Not surprisingly, the top reason for putting in extra billable hours was that people just had work that needed to get done, even though no one specifically asked them to work. But it likely also had something to do with the fact that 32% of respondents who worked said their firm does not recognize MLK Day as an official firm holiday. Instead, some of these firms consider it a “floating holiday,” meaning that attorneys can either choose to take a day off on MLK Day or on another floating holiday.
What were some other reasons given for working on MLK Day?
Yesterday we reported on a change in management at Nixon Peabody. We understand that some people at Nixon hope that the shift at the top will be followed by a return to Nixon Peabody’s old law firm culture.
But maybe NP people will have to get ready to assimilate into an entirely different culture? A well-placed tipster reports that some Locke Lord partners were told that the firm is exploring a possible merger with Nixon Peabody.
Locke Lord denies the rumor, while Nixon Peabody won’t comment. But our sources have been right before, especially when it comes to potential mergers…
Nixon Peabody has suffered a series of partner defections over the last year. Last month, we reported that a number of partners at Nixon were preparing for a mass exodus from the firm.
According to our Nixon Peabody sources, the disgruntled partners wanted one thing: managing partner Richard Langan’s head on a plate. From our original story: “Our sources have also offered up a lot of speculation about why these partners want out, and the message is that they feel like Langan is ‘ruining’ the culture of the firm.”
Apparently, these partners are getting their wish. Richard Langan is out as managing partner. Taking his place is Andrew Glincher, who has been the managing partner of Nixon’s Boston office.
So did the mutinous partners win? According to a Nixon spokesperson, Langan’s ouster is all part of Nixon’s regularly scheduled programming…
We know that most Biglaw shops couldn’t care less about mass associate departures. As exhibit A, I present this year’s bonus news.
But partner defections are another matter entirely — especially if a number of partners leave all at once, or if a thriving practice group jumps ship all at the same time. According to Above the Law sources, this is the situation Nixon Peabody could be facing in the days and weeks ahead. Multiple sources have told Above the Law to expect a significant exodus of Nixon Peabody partners and that the defections could start as early as this week.
We’ve been told that these defections will happen unless the disgruntled partners receive significant concessions from Nixon Peabody managing partner Richard Langan. And apparently some partners will not be satisfied with anything less than Langan’s outright removal…
With fall recruiting gearing up, and the lateral market warming up, we continue our annual series of open threads about the law firms featured in the Vault prestige rankings. These threads provide ATL readers with a forum to discuss the different firms and their various strengths and weaknesses.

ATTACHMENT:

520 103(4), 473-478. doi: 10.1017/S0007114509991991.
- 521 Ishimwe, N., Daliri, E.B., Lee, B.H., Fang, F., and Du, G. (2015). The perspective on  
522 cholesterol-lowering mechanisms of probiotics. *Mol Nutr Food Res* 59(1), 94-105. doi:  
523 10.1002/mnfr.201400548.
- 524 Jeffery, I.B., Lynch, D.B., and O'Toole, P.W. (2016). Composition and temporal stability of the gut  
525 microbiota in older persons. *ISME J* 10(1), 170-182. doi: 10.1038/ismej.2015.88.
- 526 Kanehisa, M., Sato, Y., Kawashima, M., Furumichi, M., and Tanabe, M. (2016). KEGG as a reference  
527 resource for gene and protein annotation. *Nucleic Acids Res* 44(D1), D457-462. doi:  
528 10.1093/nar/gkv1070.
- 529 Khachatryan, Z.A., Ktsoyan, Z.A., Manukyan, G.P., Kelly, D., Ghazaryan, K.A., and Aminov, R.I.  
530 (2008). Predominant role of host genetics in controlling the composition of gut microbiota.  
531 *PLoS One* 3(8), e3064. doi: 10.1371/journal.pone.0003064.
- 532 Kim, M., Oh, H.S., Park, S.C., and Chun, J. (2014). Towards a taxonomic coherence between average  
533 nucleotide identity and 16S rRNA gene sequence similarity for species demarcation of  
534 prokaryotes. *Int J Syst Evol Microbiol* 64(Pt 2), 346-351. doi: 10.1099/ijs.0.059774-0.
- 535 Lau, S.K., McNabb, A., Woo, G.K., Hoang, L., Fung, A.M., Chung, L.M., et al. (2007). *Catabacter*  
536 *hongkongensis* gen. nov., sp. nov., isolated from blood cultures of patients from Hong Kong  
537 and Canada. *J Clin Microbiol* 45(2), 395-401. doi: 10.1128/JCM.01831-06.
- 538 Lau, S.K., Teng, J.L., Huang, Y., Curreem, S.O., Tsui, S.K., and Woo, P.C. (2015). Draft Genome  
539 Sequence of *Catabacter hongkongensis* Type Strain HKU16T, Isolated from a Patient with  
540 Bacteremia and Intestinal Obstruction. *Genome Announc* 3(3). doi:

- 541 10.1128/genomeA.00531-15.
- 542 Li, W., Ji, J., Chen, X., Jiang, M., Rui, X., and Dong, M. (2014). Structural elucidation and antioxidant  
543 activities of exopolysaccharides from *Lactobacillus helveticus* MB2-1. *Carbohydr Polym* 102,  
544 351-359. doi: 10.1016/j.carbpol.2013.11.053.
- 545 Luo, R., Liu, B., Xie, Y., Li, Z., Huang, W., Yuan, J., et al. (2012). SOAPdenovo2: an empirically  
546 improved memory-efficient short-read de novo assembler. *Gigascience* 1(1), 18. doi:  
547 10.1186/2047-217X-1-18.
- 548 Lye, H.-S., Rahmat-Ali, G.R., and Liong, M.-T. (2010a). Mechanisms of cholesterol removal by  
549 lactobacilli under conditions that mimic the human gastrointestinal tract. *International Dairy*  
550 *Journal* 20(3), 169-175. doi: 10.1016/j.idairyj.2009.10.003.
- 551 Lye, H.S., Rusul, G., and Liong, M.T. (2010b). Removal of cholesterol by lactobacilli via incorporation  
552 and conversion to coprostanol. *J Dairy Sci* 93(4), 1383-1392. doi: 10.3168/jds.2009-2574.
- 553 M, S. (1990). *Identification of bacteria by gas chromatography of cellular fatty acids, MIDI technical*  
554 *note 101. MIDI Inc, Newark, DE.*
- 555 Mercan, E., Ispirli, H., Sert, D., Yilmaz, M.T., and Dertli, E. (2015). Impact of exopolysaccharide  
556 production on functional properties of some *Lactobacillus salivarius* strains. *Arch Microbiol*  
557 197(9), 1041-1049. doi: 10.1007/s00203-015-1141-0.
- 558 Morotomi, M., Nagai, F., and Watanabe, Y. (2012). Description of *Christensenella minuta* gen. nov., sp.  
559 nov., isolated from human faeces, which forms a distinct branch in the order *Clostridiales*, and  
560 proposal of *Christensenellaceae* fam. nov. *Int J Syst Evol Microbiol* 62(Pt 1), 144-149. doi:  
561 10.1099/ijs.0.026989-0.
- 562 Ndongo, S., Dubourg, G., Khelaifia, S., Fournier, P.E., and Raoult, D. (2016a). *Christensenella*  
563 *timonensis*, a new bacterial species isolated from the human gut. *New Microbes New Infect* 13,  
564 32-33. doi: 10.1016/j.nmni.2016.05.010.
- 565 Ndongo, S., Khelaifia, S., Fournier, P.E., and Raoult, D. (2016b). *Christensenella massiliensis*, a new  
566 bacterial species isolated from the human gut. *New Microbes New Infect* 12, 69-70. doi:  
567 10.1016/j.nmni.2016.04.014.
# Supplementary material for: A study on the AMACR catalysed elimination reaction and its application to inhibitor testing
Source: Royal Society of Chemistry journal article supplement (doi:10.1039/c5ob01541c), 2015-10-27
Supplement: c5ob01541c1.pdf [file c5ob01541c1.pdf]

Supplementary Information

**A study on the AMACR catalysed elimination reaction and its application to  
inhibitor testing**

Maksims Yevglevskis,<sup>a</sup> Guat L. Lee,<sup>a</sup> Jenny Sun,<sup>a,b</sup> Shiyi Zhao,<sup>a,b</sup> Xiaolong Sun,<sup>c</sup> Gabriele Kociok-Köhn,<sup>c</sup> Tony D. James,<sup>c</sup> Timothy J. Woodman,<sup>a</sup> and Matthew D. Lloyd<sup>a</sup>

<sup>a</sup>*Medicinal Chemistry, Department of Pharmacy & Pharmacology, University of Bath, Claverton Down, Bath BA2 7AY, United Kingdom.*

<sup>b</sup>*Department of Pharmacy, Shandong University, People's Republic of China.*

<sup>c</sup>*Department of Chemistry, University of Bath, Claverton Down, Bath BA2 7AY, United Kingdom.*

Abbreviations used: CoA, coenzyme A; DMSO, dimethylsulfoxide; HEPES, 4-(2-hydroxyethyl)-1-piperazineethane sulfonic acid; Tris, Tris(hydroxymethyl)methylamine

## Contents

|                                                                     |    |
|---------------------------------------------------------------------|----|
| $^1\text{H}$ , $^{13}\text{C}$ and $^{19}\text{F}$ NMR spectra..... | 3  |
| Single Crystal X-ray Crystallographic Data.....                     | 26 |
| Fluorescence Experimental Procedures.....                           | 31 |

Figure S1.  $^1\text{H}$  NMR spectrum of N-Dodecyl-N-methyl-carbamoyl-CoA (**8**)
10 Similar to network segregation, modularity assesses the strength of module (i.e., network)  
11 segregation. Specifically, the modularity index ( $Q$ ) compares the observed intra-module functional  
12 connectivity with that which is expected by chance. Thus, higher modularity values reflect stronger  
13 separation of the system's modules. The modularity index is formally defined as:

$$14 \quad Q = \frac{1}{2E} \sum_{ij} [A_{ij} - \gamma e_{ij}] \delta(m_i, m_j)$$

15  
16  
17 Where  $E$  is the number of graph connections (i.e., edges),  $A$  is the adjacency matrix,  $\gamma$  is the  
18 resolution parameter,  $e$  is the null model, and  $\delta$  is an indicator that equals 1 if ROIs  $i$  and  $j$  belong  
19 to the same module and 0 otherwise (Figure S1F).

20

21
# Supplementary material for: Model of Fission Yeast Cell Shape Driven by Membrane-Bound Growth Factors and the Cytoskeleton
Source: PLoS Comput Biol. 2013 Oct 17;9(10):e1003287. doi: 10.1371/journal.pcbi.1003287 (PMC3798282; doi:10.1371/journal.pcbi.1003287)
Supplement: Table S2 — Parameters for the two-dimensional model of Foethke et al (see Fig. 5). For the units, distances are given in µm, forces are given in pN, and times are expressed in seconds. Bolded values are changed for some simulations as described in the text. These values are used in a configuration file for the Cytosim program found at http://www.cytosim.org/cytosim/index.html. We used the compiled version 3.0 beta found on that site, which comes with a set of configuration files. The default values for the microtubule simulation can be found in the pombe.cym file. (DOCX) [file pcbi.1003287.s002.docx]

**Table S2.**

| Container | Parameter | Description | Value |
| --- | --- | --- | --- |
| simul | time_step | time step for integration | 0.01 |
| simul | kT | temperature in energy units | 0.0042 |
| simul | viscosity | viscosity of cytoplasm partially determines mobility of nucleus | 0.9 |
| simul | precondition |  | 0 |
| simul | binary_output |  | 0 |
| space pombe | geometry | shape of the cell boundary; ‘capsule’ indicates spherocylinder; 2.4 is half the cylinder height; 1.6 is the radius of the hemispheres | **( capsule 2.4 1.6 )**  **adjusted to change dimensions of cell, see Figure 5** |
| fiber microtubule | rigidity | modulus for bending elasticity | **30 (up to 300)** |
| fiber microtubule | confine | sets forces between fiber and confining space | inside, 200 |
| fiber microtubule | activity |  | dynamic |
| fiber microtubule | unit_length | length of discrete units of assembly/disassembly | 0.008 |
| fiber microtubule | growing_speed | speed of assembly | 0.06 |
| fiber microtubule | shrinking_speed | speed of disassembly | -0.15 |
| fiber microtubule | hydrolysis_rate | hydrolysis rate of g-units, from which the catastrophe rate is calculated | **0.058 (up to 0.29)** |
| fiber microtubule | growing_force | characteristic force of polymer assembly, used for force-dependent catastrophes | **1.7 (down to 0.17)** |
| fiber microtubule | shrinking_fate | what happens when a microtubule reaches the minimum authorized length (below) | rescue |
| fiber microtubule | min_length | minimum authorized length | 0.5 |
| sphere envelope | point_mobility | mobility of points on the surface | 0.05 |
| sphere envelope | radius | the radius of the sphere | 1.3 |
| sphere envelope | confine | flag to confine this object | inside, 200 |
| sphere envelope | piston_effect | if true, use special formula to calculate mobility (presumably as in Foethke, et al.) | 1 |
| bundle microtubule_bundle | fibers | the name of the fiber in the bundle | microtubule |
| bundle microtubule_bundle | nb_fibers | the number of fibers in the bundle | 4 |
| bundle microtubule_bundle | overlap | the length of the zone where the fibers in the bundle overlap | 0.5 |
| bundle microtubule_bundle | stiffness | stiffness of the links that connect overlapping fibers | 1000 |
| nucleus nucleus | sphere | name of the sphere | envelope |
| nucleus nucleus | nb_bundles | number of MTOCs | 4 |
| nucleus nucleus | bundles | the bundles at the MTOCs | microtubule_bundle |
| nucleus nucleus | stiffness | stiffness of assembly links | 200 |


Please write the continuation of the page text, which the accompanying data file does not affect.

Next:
The end of the Vault 100 is in sight. We’re covering the firms in batches of 20 now. Here are the firms ranked #61 to #80, which will provide today’s discussion fodder:
It must be a slow news week over in mainstream media land. Earlier this week, the New York Times did a survey piece about American salary cuts that tangentially touched on lawyer salaries — old news for people on top of the legal market, but probably new to a more general audience.
Today, the Boston Globe is getting in on the lawyer pay action. Its report focuses on the move towards merit-based associate compensation that’s been happening for at least a year:
Boston’s top law firms are dramatically changing how they pay young lawyers, adapting to a changing market by adopting Wall Street-style compensation systems that rely on performance bonuses for large shares of annual earnings.
Major law firms have traditionally hired junior lawyers at six-figure salaries and awarded annual increases based on the number of years at the firm, a system known as “lockstep.’’ But several of Boston’s largest and best-known firms are telling associates that they no longer can count on automatic raises. Instead, they will receive salaries and bonuses based on how partners assess their performance.
Wall Street-style compensation, is it? Well then, I guess we should expect bonuses in Boston this year to be all over the map, instead of in strict lockstep with what peer firms end up paying…
Nixon Peabody was awinner in Signature Flight Support Corp. v. Landow Aviation, a dispute between two aviation companies at the Washington Dulles airport. Nixon landed a victory for Signature Flight, and filed a motion for Landow to pay attorneys’ fees in the case.
Landow thought Nixon’s fees were sky-high and opposed the motion, resulting in a review of Nixon’s bills by Judge James Cacheris (E.D. Va.). Judge Cacheris buzzed Nixon’s bills. From the National Law Journal:
U.S. District Judge James Cacheris of the Eastern District of Virginia determined that Nixon Peabody’s $1.57 million in fees was too high and slashed about $440,000 off that amount, awarding $1.13 million….